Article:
Monday, 20 June 2016

Foreign Exchange: CBN alters rules for selection of FX Primary Dealers (FXPDs)

Central Bank of Nigeria (CBN)
As trading on the Nigeria Interbank Foreign Exchange (NIFEX), which allows the exchange rate of the naira to be market-driven commences today, the Central Bank of Nigeria (CBN) has moved to change the guidelines for the selection of FX Primary Dealers (FXPDs) who shall deal in wholesale forex transactions with the CBN.

Last Wednesday, the CBN had unveiled the guidelines for the commencement of a flexible exchange rate regime, adding that it would appoint eight to 10 primary dealers, whom the central bank Governor, Mr. Godwin Emefiele, referred to as “Grade A” dealers.

Others were classified as “Grade B”, whom the CBN termed as non-primary dealers, but shall remain valid and eligible to participate in the market.

It had also said interbank trading under the new guidelines would begin today, while tenors and rates for the naira-settled OTC FX Futures would be announced on June 27, 2016.

Under the guidelines for primary dealership in forex products, the CBN also stipulated that authorised dealers would be required to have a minimum shareholders’ fund unimpaired by losses of at least N200 billion, a minimum of N400 billion in total foreign currency assets, and minimum liquidity ratio of 40 per cent.

The names of the 8 or 10 primary dealers were to be released by the CBN last Friday.

However, the segmentation of the market into “Grade A” and “Grade B” dealers by the CBN resulted in concerns that limiting the market to eight or 10 primary traders or banks with access to forex from the central bank could lead to the emergence of a cartel of favoured banks and price-fixing among them.

The concerns were further heightened when banks started demarketing one another in the run up to the selection of the primary dealers last Friday, compelling the CBN to alter the rules.

A top CBN official, who confirmed the decision not to limit the number of primary dealers in the forex market to eight or 10 banks, said under the revised rules, 15 international and national banks would be eligible to trade with the CBN.

He said only regional and merchant banks, owing to their size, had been excluded, effectively making them “Grade B” dealers.
According to the CBN source, “Before our announcement on Friday, we got to discover that banks had started to demarket one another and this is not in the interest of the market.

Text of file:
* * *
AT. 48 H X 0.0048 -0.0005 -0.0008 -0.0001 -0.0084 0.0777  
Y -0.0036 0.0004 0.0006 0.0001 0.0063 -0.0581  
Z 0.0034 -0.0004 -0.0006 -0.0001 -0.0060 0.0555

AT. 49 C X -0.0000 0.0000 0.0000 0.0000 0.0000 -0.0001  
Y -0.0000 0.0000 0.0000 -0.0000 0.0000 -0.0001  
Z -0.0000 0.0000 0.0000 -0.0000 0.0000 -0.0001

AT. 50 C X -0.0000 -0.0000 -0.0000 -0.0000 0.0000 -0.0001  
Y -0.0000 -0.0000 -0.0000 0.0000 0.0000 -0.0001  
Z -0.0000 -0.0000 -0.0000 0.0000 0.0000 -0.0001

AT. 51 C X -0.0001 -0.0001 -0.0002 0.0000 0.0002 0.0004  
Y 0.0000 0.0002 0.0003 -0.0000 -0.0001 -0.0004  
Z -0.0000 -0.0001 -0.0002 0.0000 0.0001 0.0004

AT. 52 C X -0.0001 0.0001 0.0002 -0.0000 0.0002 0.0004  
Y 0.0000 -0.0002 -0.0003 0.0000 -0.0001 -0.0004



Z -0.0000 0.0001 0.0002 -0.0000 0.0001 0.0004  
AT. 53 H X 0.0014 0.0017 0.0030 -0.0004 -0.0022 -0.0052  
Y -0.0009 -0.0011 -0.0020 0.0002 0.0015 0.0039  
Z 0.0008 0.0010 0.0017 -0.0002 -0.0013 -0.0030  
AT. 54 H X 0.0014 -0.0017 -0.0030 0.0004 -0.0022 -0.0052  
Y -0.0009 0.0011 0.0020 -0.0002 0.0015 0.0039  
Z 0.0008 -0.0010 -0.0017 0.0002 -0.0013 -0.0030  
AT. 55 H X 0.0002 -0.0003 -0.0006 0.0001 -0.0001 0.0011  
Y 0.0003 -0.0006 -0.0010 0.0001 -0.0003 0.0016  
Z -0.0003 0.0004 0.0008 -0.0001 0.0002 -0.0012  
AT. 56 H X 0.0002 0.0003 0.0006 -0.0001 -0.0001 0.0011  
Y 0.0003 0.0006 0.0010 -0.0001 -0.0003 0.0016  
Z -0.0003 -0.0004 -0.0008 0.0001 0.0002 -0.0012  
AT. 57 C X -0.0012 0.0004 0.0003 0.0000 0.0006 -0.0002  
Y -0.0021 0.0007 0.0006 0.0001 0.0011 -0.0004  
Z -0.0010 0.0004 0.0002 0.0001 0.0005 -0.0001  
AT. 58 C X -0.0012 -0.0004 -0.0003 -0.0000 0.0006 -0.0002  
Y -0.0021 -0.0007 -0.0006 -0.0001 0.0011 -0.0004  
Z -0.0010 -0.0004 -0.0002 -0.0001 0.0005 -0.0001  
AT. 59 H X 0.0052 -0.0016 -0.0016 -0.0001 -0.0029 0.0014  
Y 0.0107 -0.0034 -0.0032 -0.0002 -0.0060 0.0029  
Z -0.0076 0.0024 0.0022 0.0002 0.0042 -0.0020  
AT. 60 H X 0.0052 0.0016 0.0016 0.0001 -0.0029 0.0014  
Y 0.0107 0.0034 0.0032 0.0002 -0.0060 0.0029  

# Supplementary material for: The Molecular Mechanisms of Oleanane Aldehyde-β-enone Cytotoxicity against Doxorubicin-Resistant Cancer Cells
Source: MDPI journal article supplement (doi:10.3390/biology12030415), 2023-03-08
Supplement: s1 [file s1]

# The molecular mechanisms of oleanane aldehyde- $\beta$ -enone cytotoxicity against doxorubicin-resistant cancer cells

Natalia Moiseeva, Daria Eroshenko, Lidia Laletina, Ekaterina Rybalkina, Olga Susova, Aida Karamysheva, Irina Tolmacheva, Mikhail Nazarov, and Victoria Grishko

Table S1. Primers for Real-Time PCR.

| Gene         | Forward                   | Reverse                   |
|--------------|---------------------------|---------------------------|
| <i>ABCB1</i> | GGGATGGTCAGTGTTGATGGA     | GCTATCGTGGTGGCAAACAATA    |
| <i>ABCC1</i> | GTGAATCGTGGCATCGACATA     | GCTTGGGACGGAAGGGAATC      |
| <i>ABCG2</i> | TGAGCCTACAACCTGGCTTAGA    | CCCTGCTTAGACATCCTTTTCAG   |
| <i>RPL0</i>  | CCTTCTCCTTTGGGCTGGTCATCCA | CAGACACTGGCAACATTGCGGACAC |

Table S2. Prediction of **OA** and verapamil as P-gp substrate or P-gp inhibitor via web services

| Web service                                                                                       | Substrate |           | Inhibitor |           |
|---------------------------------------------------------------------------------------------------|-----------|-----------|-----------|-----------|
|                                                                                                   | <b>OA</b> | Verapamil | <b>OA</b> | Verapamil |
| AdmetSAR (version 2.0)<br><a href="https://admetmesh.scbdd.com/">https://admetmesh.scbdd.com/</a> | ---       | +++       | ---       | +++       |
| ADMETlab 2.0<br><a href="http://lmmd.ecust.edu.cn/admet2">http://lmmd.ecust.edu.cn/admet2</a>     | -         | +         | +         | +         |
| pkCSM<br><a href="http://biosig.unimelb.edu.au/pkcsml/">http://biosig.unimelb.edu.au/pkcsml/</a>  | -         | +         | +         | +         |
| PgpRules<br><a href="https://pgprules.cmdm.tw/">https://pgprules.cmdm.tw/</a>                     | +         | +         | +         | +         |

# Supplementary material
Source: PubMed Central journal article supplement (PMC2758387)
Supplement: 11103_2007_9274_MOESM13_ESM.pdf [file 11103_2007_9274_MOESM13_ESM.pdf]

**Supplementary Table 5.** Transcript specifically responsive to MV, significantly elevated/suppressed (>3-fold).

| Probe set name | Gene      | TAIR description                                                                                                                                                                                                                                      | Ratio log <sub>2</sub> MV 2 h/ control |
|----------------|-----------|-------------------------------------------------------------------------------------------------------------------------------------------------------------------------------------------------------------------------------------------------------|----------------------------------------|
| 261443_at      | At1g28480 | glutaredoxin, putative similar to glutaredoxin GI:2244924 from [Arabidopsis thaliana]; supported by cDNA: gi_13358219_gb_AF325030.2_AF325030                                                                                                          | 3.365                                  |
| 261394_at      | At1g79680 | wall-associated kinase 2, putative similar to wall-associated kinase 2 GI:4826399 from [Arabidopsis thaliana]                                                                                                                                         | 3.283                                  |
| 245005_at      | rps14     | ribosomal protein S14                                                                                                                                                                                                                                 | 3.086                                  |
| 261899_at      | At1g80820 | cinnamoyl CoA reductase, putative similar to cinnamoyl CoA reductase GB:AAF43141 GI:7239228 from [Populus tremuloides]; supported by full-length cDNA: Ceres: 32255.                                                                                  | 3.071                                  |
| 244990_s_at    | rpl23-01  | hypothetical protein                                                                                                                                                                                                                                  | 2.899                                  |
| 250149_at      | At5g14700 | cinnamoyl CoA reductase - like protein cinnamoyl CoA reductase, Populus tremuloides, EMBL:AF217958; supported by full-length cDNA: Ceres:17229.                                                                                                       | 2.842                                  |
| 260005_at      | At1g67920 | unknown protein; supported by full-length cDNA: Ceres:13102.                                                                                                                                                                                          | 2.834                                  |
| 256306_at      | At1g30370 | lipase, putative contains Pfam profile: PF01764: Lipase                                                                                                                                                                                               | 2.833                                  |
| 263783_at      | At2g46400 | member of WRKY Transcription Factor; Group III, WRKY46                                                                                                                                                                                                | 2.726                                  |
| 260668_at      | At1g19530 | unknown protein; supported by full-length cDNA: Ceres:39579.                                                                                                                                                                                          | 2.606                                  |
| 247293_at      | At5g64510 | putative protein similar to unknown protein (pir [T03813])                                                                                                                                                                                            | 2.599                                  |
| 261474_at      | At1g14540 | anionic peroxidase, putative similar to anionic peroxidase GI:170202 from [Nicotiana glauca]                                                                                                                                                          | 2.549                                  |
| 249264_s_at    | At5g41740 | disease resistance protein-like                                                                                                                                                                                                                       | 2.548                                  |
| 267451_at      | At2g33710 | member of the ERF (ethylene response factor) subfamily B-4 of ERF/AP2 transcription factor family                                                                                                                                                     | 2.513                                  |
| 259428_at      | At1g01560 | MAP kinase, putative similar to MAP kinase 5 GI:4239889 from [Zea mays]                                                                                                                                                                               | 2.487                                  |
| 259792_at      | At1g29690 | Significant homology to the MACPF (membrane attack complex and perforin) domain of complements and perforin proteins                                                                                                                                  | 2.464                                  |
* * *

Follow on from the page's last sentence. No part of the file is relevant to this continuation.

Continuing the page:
“So we have revised the guidelines making 15 financial institutions licensed as international and national banks in the country eligible to operate as primary dealers that will be allowed to trade with the CBN. However, regional and merchant banks will not be allowed to trade as primary dealers under the new arrangement.”
The CBN official further explained that since the 15 international and national banks would be eligible to participate as primary traders, the requirements for shareholders’ funds of N200 billion, among others, had been temporarily shelved till December 31, 2016.
“The requirements for shareholders’ funds of N200 billion, N400 billion in total foreign currency assets, and liquidity ratio of 40 per cent have been shelved for now till December 31, when we would have assessed the capacity of the banks to operate as primary dealers,” he said.
He added that with the revision of the guidelines for primary dealership, any concerns over the emergence of a cartel and possible price-fixing had been allayed.

Although the CBN official declined to disclosed the names of the 15 banks, banking sources said that the CBN had zeroed in on Access Bank Plc, Citibank, Diamond Bank Plc, Ecobank, Fidelity Bank Plc, FirstBank Nigeria Limited, First City Monument Bank, Guaranty Trust Bank Plc, United Bank for Africa (UBA) Plc, Stanbic IBTC, Standard Chartered Bank, Union Bank Plc, Unity Bank Plc, Wema Bank Plc and Zenith Bank Plc.

Should the 15 banks be appointed, this would put paid to speculation in the market that CBN would only select the Tier 1 and top Tier 2 banks as primary traders.


Credit: Obinna Chima/ThisDay

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